Impact & Role of Education on Social Inequality

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  • 0:01 Functions of Schools
  • 1:27 Sorting Machines
  • 3:20 Inequalities in Schools
  • 5:50 Lesson Summary
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Lesson Transcript
Instructor: Ashley Dugger

Ashley has a JD degree and is an attorney. She has taught and written various law courses.

Schools are sometimes described as sorting machines that categorize students based on skills and interests. This process can perpetuate inequalities. This lesson explores the impact and role of education on social inequality.

Functions of Schools

When I was in high school in the 1980s, we had a college day. Our teachers assigned us to visit classrooms where college representatives came to talk about their colleges. I lived in a small town in Oklahoma and wanted to go to one of the large state universities. Instead, I was assigned to visit the rooms with community colleges and small local colleges. I was a good student and didn't understand why I hadn't been assigned to the state university classrooms or to any of the out-of-state colleges. Was it because I was from a lower middle class family? Was it because I had a single mother and two other siblings with college aspirations?

In the United States, our schools serve two main purposes:

  • Educate students
  • Socialize students

Beyond academic curriculum, schools function to teach students the specific skills needed in society and in a workplace. In sociology, this is known as human capital. Human capital refers to the knowledge and skills necessary to make a person more productive in and valuable to society.

Overall, this sounds like a helpful goal. But how do we know what is valuable to society? Schools emphasize the societal values, beliefs, and attitudes of the dominant culture. That means minority influences are often ignored.

Sorting Machines

Schools, like society as a whole, use stratification. This is a system by which schools categorize students. Through stratification, schools separate students into groups, programs, and classes. Students are sorted according to their skills, interests, test results, talents, family background, and other factors.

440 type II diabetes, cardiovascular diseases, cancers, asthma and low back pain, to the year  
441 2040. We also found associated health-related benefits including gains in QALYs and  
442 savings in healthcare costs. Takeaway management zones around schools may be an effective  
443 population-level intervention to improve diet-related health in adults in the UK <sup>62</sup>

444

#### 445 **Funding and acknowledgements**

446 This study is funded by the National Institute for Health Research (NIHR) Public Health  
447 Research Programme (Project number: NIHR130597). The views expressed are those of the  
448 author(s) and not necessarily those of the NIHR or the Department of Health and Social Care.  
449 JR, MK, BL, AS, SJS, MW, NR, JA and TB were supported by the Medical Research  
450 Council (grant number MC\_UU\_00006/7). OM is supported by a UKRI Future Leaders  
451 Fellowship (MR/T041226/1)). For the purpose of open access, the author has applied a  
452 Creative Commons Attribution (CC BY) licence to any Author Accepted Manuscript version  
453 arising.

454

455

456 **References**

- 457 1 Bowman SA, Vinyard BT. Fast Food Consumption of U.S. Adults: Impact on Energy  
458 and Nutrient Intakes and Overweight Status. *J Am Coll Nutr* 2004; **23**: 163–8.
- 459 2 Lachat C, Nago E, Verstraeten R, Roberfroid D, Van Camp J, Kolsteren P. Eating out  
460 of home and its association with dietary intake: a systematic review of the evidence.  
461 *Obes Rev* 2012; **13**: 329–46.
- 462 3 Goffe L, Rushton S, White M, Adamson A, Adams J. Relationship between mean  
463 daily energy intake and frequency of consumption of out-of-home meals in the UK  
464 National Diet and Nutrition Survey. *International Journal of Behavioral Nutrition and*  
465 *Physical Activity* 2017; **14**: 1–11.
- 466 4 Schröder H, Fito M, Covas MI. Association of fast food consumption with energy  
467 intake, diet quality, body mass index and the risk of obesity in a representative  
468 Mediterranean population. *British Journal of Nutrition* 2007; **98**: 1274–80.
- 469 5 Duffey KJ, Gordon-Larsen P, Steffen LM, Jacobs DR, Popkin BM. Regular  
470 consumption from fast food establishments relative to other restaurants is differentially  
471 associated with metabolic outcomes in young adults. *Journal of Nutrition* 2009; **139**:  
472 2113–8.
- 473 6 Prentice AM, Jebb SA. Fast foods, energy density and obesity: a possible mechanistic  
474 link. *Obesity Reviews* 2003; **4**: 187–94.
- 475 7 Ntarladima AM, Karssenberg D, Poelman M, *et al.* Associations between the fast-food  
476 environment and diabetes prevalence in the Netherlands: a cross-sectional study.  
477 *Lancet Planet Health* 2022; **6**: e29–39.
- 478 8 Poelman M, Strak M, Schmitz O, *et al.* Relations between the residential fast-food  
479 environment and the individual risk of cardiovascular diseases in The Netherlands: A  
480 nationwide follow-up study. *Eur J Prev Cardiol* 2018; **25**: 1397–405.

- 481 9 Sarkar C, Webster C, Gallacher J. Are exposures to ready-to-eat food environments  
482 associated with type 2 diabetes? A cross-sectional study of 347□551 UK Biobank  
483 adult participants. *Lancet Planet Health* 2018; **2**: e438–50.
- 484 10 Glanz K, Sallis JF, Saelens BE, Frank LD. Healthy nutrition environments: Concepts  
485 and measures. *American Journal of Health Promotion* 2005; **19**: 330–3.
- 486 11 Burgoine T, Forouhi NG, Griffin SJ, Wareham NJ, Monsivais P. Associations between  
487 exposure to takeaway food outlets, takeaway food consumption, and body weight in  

This system of ranking, or sorting, is why schools are sometimes described as sorting machines. Think of it like a factory. The blue ones go here; the green ones go there. It's the same in a school. The smart ones go here; the poor ones go there. Schools sort students in order to place students into the groups and programs that will maximize their human capital. That's why we have vocational programs and advanced placement classes. Those are two tracks for two very different types of students.

Note though, that the sorting process is not always based on merit. Because of this, sociologists argue that the sorting process furthers social inequalities by denying underprivileged students access to the same groups, programs, and classes as privileged students. Sorting favors students who are already privileged. That's because student performance is largely influenced by teacher expectations and instructional methods. When high-achieving students are put in classes with other high-achieving students, they continue to do well. But the same is true for low-achieving students. When low-achieving students are put in classes with high-achieving students, they tend to improve rather than fall behind.

Inequalities in Schools

Let's take a look at some of the specific inequalities found in the United States educational system. Studies show that white, middle and higher-income students routinely do better than minority and lower-income students. There could be many reasons why, including:

  • Income available for tutors, test prep courses, and other materials
  • Access to private schools or better public school districts
  • Greater parental involvement in the schools
  • Higher priority placed on education in those families
  • More informal educational opportunities, such as traveling
  • Willingness to deal with school administration

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